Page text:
I wish Evan Dorkin and Jill Thompson’s “Beasts of Burden” existed when I was a kid. As an adult, I love reading every new tale when it’s released, but there’s something really special about this series. It takes itself just seriously enough but still has a light enough touch that the weight of the stories don’t hold down the concept. It’s exciting, fun and engrossing, and even when we have what amounts to an extended action sequence as we do here, I still feel like diving in to the book was time well spent.
In “Hunters and Gatherers,” The Watch attempts to find out the secret of the invisible creature that has been eating local animals, forcing cats and dogs to put aside any animosity they have to work towards the greater goal of saving their kin. Evan Dorkin packs more nuanced character moments into this issue full of canines and felines than most superhero work on the stands today. The ease with which he moves from voice to voice, character to character, is a huge part of what makes this series work. Every one of these characters has their own personality, their own point of view. It never feels shoehorned or cheesy which is an incredible feat for a story about talking animals. The tone is dark as the threat is ominous — there’s blood spilled in these pages and it’s not pretty. Jill Thompson knows how to paint animals, and the realistic nature of her art makes the danger feel more real and the injuries seem more dire.
The chase sequence is awesome. Rex gave me anxiety as he waited for the creature to appear in the field and again as he realizes “Great Dog in Heaven…I’m not gonna make it –“. The Watch works as a unit to uncover the creature and each time a new character joins the chase it adds a new dimension to the action. Ace has the most intense moments and I actually feared for his life after the Windslither shows itself, a tribute to the storytellers’ talents. Look at the emotion in every animal’s face throughout this book, especially Ace during this showdown. He goes from determined, to frightened, to concentrated exertion all across the span of 4 pages. His monologue as it happens is disjointed but not confusing, giving us small bursts of personality in a moment of high tension.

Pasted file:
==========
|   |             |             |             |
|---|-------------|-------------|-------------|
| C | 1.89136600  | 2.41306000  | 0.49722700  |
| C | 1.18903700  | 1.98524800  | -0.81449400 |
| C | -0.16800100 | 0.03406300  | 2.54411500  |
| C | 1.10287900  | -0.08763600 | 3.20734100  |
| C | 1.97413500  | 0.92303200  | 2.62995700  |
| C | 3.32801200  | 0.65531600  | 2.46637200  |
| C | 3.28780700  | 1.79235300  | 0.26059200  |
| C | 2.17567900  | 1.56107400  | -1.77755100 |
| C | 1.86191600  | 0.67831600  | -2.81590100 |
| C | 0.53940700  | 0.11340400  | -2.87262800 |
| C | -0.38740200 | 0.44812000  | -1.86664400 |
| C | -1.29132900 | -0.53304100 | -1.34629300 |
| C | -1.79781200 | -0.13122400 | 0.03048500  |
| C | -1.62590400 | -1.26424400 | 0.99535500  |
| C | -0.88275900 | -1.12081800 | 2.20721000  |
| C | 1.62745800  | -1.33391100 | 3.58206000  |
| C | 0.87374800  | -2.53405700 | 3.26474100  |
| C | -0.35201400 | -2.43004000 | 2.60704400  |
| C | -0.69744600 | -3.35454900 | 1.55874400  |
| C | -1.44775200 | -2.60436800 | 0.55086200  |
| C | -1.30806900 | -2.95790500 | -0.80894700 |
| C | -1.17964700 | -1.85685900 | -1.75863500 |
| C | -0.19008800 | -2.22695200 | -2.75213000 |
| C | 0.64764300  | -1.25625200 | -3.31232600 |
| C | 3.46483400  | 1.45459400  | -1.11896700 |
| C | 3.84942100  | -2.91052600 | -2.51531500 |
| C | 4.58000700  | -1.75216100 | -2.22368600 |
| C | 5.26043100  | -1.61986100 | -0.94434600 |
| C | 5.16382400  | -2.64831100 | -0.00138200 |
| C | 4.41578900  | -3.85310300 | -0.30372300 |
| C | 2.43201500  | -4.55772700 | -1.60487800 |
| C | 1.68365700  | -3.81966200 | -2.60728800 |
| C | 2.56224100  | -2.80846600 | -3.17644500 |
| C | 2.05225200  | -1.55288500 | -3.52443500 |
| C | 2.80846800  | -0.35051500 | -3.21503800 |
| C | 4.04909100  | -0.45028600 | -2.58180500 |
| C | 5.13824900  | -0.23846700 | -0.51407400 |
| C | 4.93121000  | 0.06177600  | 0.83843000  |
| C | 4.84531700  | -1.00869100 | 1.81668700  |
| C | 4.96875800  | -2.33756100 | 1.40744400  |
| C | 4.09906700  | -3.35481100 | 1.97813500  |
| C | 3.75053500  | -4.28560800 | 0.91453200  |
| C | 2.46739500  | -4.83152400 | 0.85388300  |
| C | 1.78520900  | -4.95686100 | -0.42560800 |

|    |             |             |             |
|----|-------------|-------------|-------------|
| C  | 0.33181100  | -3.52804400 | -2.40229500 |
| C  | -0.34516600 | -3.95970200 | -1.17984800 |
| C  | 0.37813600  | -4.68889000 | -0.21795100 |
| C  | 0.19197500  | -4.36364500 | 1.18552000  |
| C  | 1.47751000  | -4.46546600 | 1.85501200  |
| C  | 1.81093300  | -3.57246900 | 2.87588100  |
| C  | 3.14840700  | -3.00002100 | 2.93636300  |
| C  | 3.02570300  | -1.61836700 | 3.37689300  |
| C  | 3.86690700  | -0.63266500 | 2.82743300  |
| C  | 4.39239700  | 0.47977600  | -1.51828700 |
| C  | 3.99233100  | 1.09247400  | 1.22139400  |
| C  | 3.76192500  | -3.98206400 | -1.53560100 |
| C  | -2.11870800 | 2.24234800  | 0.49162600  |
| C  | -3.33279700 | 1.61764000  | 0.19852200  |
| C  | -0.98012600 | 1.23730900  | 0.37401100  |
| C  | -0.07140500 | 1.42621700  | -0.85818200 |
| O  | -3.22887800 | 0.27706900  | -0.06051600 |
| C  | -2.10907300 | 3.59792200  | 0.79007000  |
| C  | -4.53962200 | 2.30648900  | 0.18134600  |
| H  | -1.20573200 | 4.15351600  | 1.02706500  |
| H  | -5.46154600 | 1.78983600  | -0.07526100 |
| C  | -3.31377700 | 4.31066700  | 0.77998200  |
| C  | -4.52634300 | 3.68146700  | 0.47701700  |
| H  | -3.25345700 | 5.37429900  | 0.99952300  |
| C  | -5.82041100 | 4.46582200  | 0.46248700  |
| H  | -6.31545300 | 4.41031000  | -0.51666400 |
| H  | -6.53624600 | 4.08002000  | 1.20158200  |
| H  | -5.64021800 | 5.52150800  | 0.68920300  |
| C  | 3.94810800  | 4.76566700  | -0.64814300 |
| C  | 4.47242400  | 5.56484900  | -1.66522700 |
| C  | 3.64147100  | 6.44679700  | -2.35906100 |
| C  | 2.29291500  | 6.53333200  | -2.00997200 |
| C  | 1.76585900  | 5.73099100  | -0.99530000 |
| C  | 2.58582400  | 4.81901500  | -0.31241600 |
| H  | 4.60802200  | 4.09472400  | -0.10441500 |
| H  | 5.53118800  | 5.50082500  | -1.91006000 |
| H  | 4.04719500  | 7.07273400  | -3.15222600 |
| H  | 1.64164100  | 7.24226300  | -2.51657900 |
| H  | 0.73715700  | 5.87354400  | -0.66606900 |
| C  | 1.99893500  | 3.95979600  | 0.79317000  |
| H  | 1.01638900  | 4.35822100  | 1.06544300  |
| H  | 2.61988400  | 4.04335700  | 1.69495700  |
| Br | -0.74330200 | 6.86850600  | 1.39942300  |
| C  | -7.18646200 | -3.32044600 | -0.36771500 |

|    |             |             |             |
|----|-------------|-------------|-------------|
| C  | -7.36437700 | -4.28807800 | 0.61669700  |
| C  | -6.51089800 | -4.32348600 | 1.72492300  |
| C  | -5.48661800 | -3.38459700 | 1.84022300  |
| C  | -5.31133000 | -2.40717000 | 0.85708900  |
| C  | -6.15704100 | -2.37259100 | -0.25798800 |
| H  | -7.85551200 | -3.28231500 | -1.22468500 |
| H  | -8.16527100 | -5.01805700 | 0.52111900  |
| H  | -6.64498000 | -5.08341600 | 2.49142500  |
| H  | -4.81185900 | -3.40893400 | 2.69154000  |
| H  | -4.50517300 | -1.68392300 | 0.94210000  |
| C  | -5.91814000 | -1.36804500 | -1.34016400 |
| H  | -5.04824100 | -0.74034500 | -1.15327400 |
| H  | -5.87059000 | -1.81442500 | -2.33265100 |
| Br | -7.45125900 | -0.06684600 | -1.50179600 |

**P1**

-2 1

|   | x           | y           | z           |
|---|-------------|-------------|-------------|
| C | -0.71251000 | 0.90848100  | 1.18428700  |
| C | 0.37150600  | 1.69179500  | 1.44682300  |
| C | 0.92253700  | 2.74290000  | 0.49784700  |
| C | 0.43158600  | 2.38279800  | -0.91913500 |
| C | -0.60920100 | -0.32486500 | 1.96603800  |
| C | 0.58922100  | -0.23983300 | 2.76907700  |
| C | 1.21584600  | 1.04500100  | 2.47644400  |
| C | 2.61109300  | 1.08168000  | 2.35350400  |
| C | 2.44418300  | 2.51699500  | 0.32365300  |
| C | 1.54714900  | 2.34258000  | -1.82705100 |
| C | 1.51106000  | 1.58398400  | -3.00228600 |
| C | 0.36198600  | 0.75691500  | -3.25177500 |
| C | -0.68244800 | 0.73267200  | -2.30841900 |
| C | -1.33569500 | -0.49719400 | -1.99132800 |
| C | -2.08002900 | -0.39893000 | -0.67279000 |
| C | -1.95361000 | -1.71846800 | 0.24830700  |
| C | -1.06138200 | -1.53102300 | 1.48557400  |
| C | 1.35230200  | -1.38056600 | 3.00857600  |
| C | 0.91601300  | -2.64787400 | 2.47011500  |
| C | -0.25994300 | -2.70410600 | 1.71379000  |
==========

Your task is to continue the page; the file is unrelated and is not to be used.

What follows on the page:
The issue also teases a future conflict as the kingdom of crows makes nice with the rat kingdom at the end. Living in New York, I know how scary it would be if the birds and the rats decided to work together in their own interests, so this ending made me uncomfortable. I’m now eyeballing every bird and rat I see near each other in the streets and breaking up the action if I see them commiserating. (The police say I’m taking this scenario too seriously and I say they aren’t taking it seriously enough.)
“Beasts of Burden: Hunters and Gatherers” is an incredible, well-told story. The only downside to picking up this issue is knowing the infrequency with which they show up. But a little is better than nothing at all, so buy this one shot, hold it tight, and hope that a Windslither or a knotted up ball of rats doesn’t roll through your home to take it.